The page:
— Gabe Allen
A high quality bargain
Hatch Taqueria and Tequilas, 120 W. Broadway
$11 during lunch; $5 during Happy Hour
Nachos at Hatch are only offered during lunch and Happy Hour, which is daily from 4 to 5 p.m. So, if you can sneak away from work early, this is the plate you want to share with a friend.
They’re also some of the cheapest in town, clocking in at about $8 with tax and tip during Happy Hour, and the helping is plenty. Choose from pulled pork, chicken tinga or the vegetarian option that comes with multicolored cauliflower. Melted cheese covers the top layer and black beans, Mexican corn, sour cream, jalapenos, guacamole and pica de gallo round out the dish.
Served on a round plate and not too spicy, these nachos pair well with a bottle of Tecate and a lime wedge.
— Emily Mieure
The “Is it a Nacho?” nacho
Eleanor’s Bar and Grill, 32 W. Broadway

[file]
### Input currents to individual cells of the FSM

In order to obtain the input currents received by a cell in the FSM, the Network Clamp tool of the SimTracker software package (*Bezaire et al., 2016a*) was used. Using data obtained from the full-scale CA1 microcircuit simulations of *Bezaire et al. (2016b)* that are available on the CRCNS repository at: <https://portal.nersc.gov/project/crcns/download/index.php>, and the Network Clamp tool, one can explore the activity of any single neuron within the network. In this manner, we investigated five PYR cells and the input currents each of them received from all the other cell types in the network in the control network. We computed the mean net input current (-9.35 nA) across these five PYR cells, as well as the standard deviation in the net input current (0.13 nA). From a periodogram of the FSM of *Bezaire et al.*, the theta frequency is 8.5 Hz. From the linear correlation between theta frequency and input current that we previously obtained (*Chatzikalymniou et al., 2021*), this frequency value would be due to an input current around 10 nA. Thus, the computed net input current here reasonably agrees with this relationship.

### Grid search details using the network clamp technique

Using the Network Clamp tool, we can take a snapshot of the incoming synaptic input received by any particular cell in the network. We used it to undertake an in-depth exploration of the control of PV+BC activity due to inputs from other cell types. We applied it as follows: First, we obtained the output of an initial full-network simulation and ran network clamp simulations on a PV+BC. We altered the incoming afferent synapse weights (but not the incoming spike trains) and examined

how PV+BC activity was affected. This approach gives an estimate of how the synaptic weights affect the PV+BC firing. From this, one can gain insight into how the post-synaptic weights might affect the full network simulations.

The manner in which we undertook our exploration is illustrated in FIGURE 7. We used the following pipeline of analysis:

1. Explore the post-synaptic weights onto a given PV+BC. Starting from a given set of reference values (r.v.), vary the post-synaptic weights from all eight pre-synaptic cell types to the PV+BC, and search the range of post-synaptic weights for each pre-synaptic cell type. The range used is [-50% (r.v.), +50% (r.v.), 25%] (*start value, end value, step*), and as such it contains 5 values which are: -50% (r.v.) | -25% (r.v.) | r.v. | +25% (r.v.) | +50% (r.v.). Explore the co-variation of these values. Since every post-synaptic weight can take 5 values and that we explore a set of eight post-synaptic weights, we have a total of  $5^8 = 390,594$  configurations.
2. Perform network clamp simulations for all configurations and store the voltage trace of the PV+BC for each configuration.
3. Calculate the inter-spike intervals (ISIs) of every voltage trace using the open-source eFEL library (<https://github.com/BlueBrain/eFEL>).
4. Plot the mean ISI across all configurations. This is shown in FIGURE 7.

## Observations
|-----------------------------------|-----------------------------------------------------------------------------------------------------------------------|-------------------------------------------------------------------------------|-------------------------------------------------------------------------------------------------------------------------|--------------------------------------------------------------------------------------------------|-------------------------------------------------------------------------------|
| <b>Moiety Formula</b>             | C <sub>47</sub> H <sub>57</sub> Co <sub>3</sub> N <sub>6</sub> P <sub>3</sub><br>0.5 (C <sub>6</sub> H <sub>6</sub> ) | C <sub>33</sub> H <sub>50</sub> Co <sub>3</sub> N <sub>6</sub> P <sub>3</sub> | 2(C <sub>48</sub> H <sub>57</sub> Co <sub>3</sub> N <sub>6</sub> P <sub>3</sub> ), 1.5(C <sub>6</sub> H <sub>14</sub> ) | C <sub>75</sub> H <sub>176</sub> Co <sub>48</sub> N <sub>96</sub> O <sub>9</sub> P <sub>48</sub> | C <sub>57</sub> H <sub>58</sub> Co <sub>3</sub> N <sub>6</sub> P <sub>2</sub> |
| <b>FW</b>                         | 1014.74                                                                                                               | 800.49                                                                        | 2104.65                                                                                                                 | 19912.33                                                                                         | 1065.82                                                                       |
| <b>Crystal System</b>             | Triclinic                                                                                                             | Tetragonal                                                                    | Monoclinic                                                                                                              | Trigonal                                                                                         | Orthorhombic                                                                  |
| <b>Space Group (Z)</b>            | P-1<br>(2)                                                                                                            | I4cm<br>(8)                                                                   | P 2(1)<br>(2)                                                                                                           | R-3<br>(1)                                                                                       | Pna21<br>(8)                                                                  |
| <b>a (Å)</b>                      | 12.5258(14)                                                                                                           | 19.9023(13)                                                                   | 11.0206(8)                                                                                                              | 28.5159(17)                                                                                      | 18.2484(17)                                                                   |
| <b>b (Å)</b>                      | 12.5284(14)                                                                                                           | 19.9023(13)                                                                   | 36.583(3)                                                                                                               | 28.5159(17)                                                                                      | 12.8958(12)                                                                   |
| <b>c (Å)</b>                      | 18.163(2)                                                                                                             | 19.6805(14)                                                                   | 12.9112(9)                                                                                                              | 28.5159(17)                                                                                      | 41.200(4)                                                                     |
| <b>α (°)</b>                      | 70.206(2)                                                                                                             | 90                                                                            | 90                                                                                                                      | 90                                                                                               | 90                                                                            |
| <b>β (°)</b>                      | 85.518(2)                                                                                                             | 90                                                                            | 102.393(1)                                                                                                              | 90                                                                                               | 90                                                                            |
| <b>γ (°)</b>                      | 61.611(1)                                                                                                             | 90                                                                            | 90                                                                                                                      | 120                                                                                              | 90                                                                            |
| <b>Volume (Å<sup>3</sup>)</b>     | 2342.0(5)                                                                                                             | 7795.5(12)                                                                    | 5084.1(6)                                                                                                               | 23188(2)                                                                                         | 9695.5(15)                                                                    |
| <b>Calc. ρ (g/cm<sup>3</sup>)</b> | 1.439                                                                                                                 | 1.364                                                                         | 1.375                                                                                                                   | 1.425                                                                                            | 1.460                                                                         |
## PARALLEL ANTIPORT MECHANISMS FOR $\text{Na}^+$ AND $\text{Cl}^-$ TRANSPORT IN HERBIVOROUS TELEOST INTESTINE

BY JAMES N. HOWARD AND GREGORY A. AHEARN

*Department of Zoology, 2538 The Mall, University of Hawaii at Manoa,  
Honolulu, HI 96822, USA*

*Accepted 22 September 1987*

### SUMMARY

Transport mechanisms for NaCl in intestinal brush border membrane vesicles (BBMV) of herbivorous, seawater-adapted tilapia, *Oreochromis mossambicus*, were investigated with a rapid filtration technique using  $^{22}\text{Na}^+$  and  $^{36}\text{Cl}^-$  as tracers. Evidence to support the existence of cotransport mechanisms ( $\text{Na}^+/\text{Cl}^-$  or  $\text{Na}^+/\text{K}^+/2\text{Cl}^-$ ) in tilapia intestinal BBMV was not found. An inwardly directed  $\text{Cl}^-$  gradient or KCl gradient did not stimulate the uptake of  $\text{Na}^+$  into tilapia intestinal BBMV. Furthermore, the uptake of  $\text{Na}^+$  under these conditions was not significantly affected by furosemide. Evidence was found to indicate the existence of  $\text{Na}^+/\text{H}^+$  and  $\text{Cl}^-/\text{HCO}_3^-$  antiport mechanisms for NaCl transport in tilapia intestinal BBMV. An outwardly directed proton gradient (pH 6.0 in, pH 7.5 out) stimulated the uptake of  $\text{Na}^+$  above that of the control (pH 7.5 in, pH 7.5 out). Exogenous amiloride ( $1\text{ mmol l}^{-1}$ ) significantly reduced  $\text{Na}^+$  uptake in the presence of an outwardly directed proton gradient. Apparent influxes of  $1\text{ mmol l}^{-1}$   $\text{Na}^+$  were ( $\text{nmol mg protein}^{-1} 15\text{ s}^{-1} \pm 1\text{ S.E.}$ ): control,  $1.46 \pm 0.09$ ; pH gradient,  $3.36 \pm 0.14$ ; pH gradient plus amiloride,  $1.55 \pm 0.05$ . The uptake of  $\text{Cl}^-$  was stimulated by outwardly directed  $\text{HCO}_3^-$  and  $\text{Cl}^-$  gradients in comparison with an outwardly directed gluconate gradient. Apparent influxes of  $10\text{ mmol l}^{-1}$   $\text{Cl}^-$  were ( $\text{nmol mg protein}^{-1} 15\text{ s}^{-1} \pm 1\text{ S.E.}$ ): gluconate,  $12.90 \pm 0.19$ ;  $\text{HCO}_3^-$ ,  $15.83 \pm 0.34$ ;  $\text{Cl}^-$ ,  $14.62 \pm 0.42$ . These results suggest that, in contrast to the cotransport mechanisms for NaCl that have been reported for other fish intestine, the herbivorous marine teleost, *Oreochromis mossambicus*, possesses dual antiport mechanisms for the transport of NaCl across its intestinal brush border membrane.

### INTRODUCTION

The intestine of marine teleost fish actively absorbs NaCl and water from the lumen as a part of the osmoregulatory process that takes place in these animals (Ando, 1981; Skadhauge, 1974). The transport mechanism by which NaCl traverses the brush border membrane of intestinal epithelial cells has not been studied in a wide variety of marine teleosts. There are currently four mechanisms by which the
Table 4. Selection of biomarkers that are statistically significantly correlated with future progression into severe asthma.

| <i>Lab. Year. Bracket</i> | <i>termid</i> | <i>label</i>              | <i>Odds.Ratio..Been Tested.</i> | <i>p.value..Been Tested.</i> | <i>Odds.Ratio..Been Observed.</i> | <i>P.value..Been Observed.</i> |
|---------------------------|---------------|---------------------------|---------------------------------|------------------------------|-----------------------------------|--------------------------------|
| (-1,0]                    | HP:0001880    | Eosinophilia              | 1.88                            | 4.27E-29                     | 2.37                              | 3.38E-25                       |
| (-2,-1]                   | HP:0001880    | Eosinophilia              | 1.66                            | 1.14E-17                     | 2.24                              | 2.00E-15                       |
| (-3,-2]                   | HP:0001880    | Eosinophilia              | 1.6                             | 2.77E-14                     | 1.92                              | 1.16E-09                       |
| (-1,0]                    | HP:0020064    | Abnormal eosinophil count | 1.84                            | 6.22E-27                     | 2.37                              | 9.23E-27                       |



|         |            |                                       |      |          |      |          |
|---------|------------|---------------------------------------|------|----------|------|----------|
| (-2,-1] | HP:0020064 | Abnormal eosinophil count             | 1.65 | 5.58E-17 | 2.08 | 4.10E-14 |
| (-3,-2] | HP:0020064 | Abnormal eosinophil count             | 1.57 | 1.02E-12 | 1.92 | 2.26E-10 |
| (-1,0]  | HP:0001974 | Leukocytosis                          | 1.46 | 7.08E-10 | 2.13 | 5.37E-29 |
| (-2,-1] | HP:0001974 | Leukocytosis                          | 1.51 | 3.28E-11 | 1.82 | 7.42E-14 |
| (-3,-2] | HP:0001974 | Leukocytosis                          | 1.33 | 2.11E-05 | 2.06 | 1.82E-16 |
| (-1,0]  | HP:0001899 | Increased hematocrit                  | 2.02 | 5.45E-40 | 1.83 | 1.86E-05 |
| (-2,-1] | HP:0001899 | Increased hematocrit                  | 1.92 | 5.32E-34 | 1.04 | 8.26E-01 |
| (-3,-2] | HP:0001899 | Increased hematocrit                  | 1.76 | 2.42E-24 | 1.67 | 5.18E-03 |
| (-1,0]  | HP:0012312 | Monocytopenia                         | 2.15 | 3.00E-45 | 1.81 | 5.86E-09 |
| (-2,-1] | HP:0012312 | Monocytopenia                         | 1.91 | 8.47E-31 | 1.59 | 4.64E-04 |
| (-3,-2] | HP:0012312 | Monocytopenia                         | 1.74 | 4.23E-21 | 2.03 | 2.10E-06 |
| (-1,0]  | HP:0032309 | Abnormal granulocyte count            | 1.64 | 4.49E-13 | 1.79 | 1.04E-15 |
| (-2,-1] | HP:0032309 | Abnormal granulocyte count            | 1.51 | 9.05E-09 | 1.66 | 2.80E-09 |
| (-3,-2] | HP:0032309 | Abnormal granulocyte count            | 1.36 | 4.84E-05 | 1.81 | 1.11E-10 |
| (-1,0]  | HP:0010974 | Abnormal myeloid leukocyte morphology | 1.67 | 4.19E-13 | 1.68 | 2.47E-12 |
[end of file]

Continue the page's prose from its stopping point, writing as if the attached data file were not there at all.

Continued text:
$7 for a half order; $10.50 for a full serving
These days, fusion food seems like it’s king. There’s Asian fusion everywhere, including Jackson, Korean-Mexican fusion in Los Angeles and restaurants that serve Asian-Latin hybrids in places like Denver.
But the so-called “tot-chos” at Eleanor’s Bar aren’t your run-of-the-mill fusion cuisine. They don’t combine two cuisines. Instead, they combine bar food (nachos) with more bar food (tater tots). So maybe fusion isn’t the best word to describe the “tot-cho.” Maybe bar fusion is better.